• Aging causes the muscles in the bladder, sphincters, and the urethra to weaken over time, resulting in incontinence.
  • Being overweight puts added pressure on your bladder and the pelvic muscles due to carrying additional weight.
  • Chronic medical conditions that cause nerve damage, like multiple sclerosis, herniated disc, and Parkinson’s disease, along with diabetes, chronic urinary tract infections, and others can lead to incontinence.


Several treatment options are available, and the best choice depends on the type of incontinence and your preferences. Typically, your urologist will work with you to find the least invasive option that addresses your symptoms. Finding the treatment plan that resolves your symptoms may take time and a process of elimination. It’s important to note that many causes of urinary incontinence can’t be cured but can be managed.


  • Bladder Retraining: With bladder retraining, a prescribed urination schedule is followed to help you gradually regain control over your bladder.
  • Pelvic Floor Physical Therapy: Strengthening weak pelvic floor muscles through exercises, commonly known as Kegel exercises, can be helpful for SUI.
  • Medications: Depending on the underlying cause, medications may be prescribed to relax bladder muscles or improve urine flow in men with prostate issues.
  • Botox Injections: Botox can be injected into the bladder muscles. This helps prevent them from spasming — helpful for UUI.
  • Urethral Bulking Treatment: Urethral bulking treatment is a minimally invasive procedure where a soft hydrogel is injected into the tissue surrounding the urethra. This helps support the urethra and is a treatment for SUI.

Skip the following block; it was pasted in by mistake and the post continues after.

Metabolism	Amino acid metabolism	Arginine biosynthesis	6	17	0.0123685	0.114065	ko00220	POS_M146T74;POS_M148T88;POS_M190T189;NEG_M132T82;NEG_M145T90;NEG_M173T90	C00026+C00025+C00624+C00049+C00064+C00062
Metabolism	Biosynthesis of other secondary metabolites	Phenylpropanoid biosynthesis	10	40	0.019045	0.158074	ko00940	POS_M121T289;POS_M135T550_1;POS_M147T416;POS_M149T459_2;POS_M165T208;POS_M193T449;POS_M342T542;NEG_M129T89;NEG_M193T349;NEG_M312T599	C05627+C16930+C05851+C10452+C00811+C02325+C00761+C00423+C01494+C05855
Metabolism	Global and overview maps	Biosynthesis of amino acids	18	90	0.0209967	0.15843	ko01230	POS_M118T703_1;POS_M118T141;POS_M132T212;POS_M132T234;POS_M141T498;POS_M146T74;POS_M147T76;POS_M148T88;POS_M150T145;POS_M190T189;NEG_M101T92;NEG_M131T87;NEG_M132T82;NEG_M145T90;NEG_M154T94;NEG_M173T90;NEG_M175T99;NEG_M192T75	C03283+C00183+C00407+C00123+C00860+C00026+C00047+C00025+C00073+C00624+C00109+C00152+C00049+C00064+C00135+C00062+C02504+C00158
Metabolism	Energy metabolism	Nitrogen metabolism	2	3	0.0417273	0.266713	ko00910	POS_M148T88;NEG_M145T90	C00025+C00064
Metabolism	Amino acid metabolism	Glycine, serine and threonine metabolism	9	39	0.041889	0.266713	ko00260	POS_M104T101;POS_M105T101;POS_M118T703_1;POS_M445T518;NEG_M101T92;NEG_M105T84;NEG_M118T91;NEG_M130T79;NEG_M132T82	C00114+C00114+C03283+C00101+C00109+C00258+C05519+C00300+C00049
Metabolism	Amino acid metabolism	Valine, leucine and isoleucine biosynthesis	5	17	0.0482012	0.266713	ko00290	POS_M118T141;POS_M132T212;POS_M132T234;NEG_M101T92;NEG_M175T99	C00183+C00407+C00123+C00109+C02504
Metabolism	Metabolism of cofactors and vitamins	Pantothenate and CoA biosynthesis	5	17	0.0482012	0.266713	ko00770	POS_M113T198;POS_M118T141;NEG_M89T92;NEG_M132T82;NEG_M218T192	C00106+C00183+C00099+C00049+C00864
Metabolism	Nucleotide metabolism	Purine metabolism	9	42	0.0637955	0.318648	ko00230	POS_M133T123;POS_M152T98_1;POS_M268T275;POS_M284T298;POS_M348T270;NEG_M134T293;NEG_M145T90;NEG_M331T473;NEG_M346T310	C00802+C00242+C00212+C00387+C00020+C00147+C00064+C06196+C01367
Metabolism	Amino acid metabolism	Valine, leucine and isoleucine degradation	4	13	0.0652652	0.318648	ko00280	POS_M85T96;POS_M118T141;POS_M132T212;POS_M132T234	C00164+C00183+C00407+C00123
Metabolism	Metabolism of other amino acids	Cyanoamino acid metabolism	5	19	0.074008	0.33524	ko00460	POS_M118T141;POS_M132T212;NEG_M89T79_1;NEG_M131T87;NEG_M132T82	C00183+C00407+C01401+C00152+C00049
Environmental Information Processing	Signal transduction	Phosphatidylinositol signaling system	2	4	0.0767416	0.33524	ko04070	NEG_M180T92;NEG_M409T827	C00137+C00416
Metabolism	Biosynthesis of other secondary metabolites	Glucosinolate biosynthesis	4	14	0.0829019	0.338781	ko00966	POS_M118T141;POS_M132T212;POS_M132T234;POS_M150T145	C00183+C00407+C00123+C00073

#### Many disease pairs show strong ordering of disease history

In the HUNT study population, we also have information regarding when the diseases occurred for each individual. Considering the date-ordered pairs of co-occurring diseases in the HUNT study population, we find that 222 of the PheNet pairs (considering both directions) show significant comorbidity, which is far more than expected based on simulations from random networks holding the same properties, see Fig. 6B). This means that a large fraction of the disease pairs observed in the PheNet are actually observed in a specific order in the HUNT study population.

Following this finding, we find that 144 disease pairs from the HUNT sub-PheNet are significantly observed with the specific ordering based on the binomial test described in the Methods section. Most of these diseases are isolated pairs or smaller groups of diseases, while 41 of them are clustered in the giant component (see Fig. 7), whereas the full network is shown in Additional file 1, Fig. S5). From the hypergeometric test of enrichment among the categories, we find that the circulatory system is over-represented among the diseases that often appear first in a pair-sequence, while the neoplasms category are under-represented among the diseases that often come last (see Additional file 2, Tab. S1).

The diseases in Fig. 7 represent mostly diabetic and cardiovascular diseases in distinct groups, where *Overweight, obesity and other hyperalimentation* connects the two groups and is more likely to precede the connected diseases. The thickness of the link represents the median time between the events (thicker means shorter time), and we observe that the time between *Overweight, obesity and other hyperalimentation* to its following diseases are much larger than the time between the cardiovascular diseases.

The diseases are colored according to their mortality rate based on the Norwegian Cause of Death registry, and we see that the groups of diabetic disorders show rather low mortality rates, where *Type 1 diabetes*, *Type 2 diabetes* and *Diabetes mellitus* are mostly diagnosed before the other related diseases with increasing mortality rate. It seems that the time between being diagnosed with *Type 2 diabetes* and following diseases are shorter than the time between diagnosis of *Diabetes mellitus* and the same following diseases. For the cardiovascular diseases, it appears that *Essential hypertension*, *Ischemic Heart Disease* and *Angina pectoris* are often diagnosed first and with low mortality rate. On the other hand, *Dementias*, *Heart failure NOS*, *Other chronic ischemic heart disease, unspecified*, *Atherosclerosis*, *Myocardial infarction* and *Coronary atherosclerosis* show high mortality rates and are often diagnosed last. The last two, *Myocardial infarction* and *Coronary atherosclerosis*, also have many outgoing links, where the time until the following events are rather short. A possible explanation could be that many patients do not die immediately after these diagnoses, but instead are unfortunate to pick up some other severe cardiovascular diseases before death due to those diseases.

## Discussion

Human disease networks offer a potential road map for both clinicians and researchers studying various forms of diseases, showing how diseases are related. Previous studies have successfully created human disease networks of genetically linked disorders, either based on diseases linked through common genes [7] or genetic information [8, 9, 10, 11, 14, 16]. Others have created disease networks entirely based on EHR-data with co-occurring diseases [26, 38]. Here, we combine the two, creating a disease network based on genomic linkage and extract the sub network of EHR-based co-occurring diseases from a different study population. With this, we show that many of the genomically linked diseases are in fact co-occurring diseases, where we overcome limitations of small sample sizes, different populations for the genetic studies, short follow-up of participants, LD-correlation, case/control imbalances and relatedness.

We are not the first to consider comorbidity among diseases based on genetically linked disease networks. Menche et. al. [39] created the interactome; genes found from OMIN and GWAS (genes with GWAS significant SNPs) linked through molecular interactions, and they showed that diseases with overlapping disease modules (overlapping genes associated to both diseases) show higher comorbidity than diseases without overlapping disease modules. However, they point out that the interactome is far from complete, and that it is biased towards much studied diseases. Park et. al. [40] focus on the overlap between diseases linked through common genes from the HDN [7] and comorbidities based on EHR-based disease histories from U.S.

• Percutaneous Tibial Nerve Stimulation (PTNS): PTNS is a non-surgical, in-office procedure in which the tibial nerve in the lower leg is stimulated with an electrode. Because the tibial nerve is connected to the nerves that control bladder function, it can help regulate bladder function and improve OAB symptoms.
  • Implantable Devices: Axonics and InterStim are two kinds of implantable devices used for sacral neuromodulation (SNM). The unit is permanently implanted in the upper buttock area, and the electrode is inserted into the sacral nerve. The device then sends impulses through the sacral nerve to “reset” it and reduce symptoms of OAB.
  • Surgery: Surgeries, such as sling placement, are designed to support the bladder, improve urine flow, and repair muscle function to treat stress incontinence.


Many people believe leaking urine is a normal part of aging, and they simply have to live with it. Fortunately, this isn’t the case, and it doesn’t have to be for you either. This is a manageable condition.

With the help of a urologist, you no longer have to live with the stress, worry, and embarrassment of incontinence. Call (541) 334-3350 to schedule your appointment with one of our physicians today to get the treatment you need for urinary incontinence.